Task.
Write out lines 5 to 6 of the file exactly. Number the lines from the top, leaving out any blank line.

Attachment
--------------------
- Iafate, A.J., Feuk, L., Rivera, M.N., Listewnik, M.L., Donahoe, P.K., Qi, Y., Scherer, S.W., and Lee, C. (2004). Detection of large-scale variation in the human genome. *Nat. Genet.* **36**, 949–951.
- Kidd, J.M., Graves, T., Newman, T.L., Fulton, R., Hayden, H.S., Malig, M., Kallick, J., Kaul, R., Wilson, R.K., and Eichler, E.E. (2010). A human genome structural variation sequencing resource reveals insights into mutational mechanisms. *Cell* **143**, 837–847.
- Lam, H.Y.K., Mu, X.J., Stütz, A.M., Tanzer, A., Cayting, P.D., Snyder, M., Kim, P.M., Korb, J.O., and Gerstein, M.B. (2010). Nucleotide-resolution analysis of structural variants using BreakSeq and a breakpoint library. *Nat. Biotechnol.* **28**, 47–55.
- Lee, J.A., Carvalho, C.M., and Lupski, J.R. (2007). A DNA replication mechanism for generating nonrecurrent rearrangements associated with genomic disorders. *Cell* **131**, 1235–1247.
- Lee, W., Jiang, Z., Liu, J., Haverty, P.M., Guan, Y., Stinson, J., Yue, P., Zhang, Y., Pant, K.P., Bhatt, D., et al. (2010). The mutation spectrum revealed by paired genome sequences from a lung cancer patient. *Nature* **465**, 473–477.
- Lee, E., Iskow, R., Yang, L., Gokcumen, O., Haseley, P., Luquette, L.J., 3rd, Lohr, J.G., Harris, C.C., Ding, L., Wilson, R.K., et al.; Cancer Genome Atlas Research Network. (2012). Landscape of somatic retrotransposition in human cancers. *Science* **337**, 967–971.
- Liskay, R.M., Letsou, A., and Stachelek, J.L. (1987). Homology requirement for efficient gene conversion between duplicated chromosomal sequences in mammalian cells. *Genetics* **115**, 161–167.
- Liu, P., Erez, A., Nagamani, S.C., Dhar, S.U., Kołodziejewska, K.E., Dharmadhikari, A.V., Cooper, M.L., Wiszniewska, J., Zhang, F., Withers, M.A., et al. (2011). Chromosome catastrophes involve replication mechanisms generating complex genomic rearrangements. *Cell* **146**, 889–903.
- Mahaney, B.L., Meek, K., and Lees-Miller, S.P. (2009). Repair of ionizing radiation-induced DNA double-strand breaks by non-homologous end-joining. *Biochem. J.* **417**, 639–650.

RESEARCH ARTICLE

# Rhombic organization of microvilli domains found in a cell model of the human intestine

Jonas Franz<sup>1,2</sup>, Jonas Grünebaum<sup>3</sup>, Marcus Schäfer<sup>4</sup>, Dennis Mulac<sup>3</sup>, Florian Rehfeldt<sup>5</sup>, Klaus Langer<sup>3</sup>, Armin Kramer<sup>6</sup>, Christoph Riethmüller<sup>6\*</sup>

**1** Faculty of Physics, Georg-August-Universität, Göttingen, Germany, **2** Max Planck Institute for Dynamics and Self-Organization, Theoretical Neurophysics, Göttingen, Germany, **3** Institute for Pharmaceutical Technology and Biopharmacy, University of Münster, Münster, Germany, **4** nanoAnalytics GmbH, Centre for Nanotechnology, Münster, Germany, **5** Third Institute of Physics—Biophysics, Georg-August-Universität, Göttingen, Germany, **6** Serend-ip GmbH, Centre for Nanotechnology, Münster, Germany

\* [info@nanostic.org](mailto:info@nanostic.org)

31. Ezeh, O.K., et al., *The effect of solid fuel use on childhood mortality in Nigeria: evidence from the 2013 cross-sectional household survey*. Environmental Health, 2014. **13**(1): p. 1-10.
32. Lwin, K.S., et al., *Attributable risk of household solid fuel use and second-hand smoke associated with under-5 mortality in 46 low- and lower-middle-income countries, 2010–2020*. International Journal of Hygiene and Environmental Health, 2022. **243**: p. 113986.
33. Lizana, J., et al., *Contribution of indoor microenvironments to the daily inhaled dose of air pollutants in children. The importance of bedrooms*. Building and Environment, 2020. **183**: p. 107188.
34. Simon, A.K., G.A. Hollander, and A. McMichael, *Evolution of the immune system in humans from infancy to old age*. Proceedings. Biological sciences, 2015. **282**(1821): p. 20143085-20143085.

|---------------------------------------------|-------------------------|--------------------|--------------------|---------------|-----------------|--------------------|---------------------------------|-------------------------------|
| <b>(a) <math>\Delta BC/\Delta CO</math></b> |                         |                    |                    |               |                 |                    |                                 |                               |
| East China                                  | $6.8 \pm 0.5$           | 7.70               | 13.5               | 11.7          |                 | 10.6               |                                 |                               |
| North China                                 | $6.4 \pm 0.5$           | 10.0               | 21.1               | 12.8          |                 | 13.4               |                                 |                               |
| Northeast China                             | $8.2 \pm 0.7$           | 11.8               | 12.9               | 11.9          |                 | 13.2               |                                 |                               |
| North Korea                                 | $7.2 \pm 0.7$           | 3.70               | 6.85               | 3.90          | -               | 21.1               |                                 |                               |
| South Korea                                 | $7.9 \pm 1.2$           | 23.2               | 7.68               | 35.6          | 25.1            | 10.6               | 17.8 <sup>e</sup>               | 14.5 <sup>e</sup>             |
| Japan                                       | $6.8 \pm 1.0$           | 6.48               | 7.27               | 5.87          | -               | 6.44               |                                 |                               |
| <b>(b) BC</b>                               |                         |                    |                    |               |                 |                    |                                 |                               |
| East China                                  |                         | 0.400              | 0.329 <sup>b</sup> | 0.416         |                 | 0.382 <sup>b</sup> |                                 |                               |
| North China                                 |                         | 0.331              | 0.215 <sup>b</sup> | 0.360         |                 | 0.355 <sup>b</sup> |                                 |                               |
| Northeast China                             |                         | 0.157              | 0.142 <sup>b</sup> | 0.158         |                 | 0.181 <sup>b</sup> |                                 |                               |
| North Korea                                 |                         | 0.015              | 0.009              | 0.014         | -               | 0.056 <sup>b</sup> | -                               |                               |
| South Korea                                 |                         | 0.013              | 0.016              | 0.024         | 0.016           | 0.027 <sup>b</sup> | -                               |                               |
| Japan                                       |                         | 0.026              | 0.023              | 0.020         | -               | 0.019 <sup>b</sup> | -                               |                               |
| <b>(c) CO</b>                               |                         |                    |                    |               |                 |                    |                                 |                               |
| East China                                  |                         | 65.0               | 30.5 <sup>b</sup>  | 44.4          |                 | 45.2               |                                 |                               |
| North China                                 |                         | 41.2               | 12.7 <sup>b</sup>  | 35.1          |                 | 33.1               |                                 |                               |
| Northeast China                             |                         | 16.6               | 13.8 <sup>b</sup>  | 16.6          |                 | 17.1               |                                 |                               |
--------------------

- Lee, W., Jiang, Z., Liu, J., Haverty, P.M., Guan, Y., Stinson, J., Yue, P., Zhang, Y., Pant, K.P., Bhatt, D., et al. (2010). The mutation spectrum revealed by paired genome sequences from a lung cancer patient. *Nature* **465**, 473–477.
- Lee, E., Iskow, R., Yang, L., Gokcumen, O., Haseley, P., Luquette, L.J., 3rd, Lohr, J.G., Harris, C.C., Ding, L., Wilson, R.K., et al.; Cancer Genome Atlas Research Network. (2012). Landscape of somatic retrotransposition in human cancers. *Science* **337**, 967–971.